Posted on: 30 July 2015
If you have an old and worn looking wooden fence on your property, then it may be in your best interest to replace it if you notice a great deal of rot across the surface. Rotten wood is wood that has actually decayed to the point where the cellulose inside has broken down. Many different insects and pests feed off the decayed material, and this can leave your home susceptible to infestation. If rot has not started to show up yet, then you may be able to clean the fence and protect the surface from moisture damage to keep those pesky termites away from your home. However, if you clean the wrong way, then you can actually destroy your fence in the process before rot even has a chance to take hold. This happens when pressure washing the wrong way, so find out what you really need to do.
Pressure Washing to Release Debris
Many experts advise you to pressure wash your fence once it starts to look gray. Many different types of woods will fade and become discolored over time, but the gray coloring is usually consistent with cedar materials and it is quite unappealing. The faded color is produced when the natural oils released by the tissues of the wood are dried out. Water damage along the outside surface of the wood as well as general dirt and debris contribute to deterioration too. Often times, stains and sealants are needed to help retain the moisture or oils left in the wood, but the debris needs to be cleared away first. Cleaning also releases the outside layer of deteriorated wood. Pressure is needed for this with the assistance of a pressure washer, and many people think that the more pressure that is used, the quicker and easier the fence will come clean, but this not the case.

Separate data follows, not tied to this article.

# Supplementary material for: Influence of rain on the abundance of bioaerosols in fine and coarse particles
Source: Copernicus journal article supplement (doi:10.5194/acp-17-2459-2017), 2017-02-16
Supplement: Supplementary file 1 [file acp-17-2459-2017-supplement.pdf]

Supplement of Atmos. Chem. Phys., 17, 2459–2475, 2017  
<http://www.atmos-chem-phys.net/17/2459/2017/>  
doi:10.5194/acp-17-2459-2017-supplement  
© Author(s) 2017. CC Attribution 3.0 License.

Unfortunately, water can actually dent and crack a wood fence when too much pressure is placed on it. In most cases, a pressure washer that releases between 1500 and 2800 pounds per square inch (PSI) of pressure is ideal for fence cleaning. Devices that are labeled as light and medium duty will work well for you. Any pressure washer that says that it is made for heavy or extra heavy use may cause damage, since they release between 2900 and 3300 PSI. To understand why, you need to understand what PSI means. PSI is the amount of pressure or stress that is applied to each square inch of surface across your fence. If you are not sure exactly what it means to force 1500 PSI against the wood, then consider the fact that your car tires probably contain 32 PSI of air pressure and a natural gas line is under about 1,000 PSI of pressure. This means that 2800 PSI of water pressure exerts more force than you think.
Choosing the Best Nozzle
Not only can the pressure cause damage, but using the wrong nozzle on your pressure washer can gouge the wood fence as well. Most pressure washers come with nozzles that release water across a specific angle. For example, a 0 degree nozzle releases water with a direct spray, and a 15 degree nozzle sprays water across a 15 degree angle. Small angled nozzles like these will create the most force when water is released. This means that it is better to use a 25 degree or 40 degree nozzle or spray end when cleaning off a wooden fence.
There are also nozzles that are sold for use with different detergents or cleaners placed in the reservoir or container of the pressure washer. These nozzles are a great choice if you want to use a mild detergent to get rid of some of the fence debris without increasing water pressure to get the wood clean.
For more information on cleaning your wooden fence the right way, contact a local fence contractor.Share